Guardiola pays tribute to mentor Cruyff
Aims to continue Dutchman's legacy
He’s won six league titles as coach of Barcelona and Bayern Munich as well as two Champions League finals with the Spanish club.
But for Manchester City manager Pep Guardiola there’s no bigger title than fulfilling the legacy of his late mentor Johan Cruyff.
“It’s a big honor that people think I can follow his legacy, or even try,” Guardiola, who played under Cruyff when the Dutchman was coach of Barcelona between 1988 and 1996, tells CNN. “There’s no bigger title than that.”
For just as the La Masia graduate says meeting Cruyff for the first time opened up a “new world,” Guardiola, who made his Barcelona debut in 1990, admits there’s always more to learn – and this even after over three decades at the top of the football pyramid.
“I’ll always believe that to create something revolutionary like Johan was, and Johan did, you need to be revolutionary,” Guardiola says.
“Maybe (revolution’s) coming. I don’t know. Maybe it’s going to show us something new I never saw before. But he did it. Especially in Barcelona. He arrived when we didn’t know about many, many things.
“He showed us; he taught us.”
Football legend Johan Cruyff dies aged 68
One of the game’s most progressive thinkers, Cruyff – who passed away in March, aged 68, after a battle with lung cancer – leaves a legacy far greater than his mesmerizing turn, having helped define football as we know it today.
“I am sitting here in London, as coach of Manchester City … because I met him,” said Guardiola, flanked by Cruyff’s son Jordi at the posthumous release of the football great’s autobiography.
The former Ajax star always looked forward – whether that meant bewitching the watching world with that singular piece of skill at the 1974 World Cup, pioneering Total Football or analyzing traffic lights to plan the optimum route through Barcelona’s boulevards with his family.
The book’s opening line – “The past is not something I think about too much … Everything I have done has been done with a view to the future” – says it all about how Cruyff approached his life.
Cruyff’s long shadow
But given the problems affecting football in the Netherlands today, it’s difficult not to look back.
With a population of just 17 million, Holland has traditionally punched above its weight in international football, reaching the World Cup final three times and winning Euro 1988.
However, since the country’s last World Cup final appearance two years ago, the Dutch have been defeated in 10 of their past 23 matches.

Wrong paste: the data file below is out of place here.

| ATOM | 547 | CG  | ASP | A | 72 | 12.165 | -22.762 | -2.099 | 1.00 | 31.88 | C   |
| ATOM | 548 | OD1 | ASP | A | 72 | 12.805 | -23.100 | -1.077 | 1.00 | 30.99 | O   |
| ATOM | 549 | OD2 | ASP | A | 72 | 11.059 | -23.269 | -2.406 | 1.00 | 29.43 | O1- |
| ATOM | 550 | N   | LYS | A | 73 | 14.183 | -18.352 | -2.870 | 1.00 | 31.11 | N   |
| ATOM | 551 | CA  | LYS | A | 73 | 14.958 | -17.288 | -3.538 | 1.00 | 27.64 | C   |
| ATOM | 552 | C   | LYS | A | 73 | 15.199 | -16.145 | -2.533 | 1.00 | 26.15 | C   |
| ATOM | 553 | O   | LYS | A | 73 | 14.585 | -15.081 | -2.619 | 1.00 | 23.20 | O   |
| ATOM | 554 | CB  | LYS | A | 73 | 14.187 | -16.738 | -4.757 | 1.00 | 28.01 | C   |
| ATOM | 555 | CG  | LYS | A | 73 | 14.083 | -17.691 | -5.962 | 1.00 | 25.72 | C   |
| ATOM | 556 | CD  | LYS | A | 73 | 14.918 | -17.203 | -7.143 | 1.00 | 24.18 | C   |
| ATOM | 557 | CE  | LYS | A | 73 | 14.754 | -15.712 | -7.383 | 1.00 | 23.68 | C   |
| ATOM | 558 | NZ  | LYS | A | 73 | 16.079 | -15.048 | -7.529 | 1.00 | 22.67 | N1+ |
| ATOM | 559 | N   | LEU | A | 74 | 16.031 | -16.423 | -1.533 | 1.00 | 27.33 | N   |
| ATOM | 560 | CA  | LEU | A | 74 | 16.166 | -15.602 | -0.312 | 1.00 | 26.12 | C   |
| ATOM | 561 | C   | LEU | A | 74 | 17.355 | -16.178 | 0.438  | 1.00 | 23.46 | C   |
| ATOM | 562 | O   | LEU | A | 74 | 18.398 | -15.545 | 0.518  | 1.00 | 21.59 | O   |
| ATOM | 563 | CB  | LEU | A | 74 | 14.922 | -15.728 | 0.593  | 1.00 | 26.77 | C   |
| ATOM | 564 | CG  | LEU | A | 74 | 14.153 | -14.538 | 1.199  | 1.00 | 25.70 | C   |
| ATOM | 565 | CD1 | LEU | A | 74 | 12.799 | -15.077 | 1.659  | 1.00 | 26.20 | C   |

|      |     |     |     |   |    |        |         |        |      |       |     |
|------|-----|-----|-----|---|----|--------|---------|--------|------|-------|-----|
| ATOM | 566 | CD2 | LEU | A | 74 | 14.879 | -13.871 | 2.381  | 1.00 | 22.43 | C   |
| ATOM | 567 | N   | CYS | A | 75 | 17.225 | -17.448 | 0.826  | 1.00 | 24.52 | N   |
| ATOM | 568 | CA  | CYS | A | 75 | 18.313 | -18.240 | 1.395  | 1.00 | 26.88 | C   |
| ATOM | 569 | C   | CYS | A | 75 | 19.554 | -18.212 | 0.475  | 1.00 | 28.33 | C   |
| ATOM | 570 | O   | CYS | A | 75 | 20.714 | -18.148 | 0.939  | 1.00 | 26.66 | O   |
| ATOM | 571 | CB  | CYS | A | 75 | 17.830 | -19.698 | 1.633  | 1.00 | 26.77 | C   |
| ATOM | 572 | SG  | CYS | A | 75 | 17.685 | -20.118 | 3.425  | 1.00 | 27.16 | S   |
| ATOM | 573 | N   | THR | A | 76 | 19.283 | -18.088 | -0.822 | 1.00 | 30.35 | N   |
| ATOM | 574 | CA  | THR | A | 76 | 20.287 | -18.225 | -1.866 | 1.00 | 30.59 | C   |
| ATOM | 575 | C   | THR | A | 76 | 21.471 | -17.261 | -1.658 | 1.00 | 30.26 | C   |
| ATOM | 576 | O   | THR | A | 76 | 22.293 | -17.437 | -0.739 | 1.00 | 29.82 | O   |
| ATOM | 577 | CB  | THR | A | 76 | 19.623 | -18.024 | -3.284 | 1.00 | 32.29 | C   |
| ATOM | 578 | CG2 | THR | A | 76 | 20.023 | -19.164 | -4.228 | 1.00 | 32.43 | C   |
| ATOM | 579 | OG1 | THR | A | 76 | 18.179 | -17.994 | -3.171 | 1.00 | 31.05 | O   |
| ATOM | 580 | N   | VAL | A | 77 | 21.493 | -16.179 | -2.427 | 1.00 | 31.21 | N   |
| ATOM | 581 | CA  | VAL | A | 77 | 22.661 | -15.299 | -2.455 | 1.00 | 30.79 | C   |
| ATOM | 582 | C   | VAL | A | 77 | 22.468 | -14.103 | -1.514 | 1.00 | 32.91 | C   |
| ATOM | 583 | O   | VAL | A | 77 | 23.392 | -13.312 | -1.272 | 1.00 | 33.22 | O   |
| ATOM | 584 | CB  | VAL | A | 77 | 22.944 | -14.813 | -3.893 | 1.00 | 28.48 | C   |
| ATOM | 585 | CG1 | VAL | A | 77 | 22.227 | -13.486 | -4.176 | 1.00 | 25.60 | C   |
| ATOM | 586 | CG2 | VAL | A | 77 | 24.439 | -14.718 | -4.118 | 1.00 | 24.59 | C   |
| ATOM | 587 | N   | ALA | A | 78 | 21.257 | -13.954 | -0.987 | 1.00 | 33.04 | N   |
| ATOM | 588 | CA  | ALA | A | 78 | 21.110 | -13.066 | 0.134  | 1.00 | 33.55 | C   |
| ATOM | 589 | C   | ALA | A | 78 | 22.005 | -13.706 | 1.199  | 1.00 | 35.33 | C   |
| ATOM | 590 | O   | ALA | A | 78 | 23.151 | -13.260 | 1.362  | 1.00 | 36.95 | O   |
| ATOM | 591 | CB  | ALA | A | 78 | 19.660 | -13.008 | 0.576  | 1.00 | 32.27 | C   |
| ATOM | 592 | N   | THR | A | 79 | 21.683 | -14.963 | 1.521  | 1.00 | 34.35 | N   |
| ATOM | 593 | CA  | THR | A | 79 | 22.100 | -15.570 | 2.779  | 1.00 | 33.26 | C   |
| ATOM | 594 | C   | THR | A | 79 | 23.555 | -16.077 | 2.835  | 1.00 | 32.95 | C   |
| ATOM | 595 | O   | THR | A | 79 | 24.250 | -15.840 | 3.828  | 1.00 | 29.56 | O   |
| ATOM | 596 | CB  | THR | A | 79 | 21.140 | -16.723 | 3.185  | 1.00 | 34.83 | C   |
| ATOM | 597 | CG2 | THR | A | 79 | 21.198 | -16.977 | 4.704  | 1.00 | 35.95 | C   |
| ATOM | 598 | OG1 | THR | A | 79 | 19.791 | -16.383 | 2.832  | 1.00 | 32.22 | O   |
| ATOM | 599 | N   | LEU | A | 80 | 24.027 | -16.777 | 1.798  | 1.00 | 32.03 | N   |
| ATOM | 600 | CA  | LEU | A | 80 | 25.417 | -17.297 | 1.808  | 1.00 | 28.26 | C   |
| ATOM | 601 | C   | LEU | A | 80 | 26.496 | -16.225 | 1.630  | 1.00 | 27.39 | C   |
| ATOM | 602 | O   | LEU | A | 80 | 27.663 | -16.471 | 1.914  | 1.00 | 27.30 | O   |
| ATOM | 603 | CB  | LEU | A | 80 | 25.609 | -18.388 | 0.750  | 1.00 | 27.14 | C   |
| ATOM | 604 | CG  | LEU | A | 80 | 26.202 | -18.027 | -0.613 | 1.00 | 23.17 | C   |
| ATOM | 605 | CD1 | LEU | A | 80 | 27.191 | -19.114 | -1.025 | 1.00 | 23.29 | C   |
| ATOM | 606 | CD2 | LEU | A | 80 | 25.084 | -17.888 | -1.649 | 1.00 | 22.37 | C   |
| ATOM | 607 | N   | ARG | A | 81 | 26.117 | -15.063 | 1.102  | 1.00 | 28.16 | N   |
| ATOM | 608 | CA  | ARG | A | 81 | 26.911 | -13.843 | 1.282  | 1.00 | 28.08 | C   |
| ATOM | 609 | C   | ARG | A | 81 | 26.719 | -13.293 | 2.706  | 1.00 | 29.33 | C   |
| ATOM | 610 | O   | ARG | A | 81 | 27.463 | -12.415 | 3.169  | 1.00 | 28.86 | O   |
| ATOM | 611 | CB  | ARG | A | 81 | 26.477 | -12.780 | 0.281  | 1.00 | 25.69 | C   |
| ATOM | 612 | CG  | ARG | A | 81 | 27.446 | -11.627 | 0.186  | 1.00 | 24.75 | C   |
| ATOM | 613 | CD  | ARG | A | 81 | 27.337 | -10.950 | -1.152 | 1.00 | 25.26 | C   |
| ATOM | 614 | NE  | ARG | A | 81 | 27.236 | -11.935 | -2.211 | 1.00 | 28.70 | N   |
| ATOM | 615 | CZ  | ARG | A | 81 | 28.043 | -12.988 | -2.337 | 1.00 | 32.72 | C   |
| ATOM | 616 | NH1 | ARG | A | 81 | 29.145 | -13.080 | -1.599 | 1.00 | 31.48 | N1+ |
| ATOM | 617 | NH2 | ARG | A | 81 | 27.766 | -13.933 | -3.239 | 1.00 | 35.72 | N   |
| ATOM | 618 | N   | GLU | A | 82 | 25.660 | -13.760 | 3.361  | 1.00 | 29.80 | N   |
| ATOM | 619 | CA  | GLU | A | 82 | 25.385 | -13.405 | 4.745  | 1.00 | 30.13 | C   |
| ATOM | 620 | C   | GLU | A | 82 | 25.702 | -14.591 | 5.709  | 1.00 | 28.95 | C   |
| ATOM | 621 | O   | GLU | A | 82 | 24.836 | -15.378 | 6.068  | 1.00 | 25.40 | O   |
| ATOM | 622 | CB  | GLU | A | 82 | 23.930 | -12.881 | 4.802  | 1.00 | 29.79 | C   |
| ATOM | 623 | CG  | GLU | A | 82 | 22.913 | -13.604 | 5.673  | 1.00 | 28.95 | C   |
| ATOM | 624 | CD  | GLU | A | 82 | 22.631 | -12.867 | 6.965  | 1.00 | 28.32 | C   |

Holland didn’t even qualify for Euro 2016 – missing out on the tournament despite the expanded format comprising lesser footballing nations like Northern Ireland, Iceland and Albania.
Cruyff’s legend looms large over Dutch football, such that it is impossible to consider the fabled orange shirts without recourse to a style of football perfected over 40 years ago.
“Of course, football has changed a lot from Total Football in the ’70s to now,” Jordi Cruyff tells CNN.
“Things have been modernized and there’s not one coach who’s going to do what [Cruyff] did, nor would he do what a coach today does.”
While he believes there are managers continuing his father’s legacy, Jordi Cruyff acknowledges that it isn’t easy to be a pioneer.
“I think you need to come with fresh, new ideas. I think you have to have courage above all – 100% commitment to your own convictions and your own idea, to know how to convince the rest that your idea is the right way.
“Obviously he had his ideas and he opened up a way of thinking. But in the end, every successful coach has added something of their own – their own personality and their own vision.”
Total Football has not been forsaken, Jordi Cruyff contends – merely updated.
“Maybe not everything that my father liked is agreed upon by all the coaches. Everybody adds their own part of personality to a certain football idea. I just think that every day there is an evolution.”
Total Football reconfigured
That evolution – at once everlasting and based on a single ideal – is embodied in the teams of Guardiola as he’s moved from Catalonia and Bavaria to a new challenge in the north of England.
“I realized that in England they still play 11 vs. 11 as well. One ball,” quips Guardiola, slipping into aphorism mode in a manner reminiscent of Germany’s 1954 World Cup winning coach Sepp Herberger.
“The pitch is sometimes smaller in some places but it’s the same – why should we change?
“At the end of the day, the coaches and managers adapt to the quality of their own players. My players now are completely different to in Munich and Barcelona, but the principles – the fundamentals – are the same.”
It’s a moment that makes Jordi Cruyff smile.
“If my father had to single out somebody now that’s continuing Total Football, you just have to look beside me.”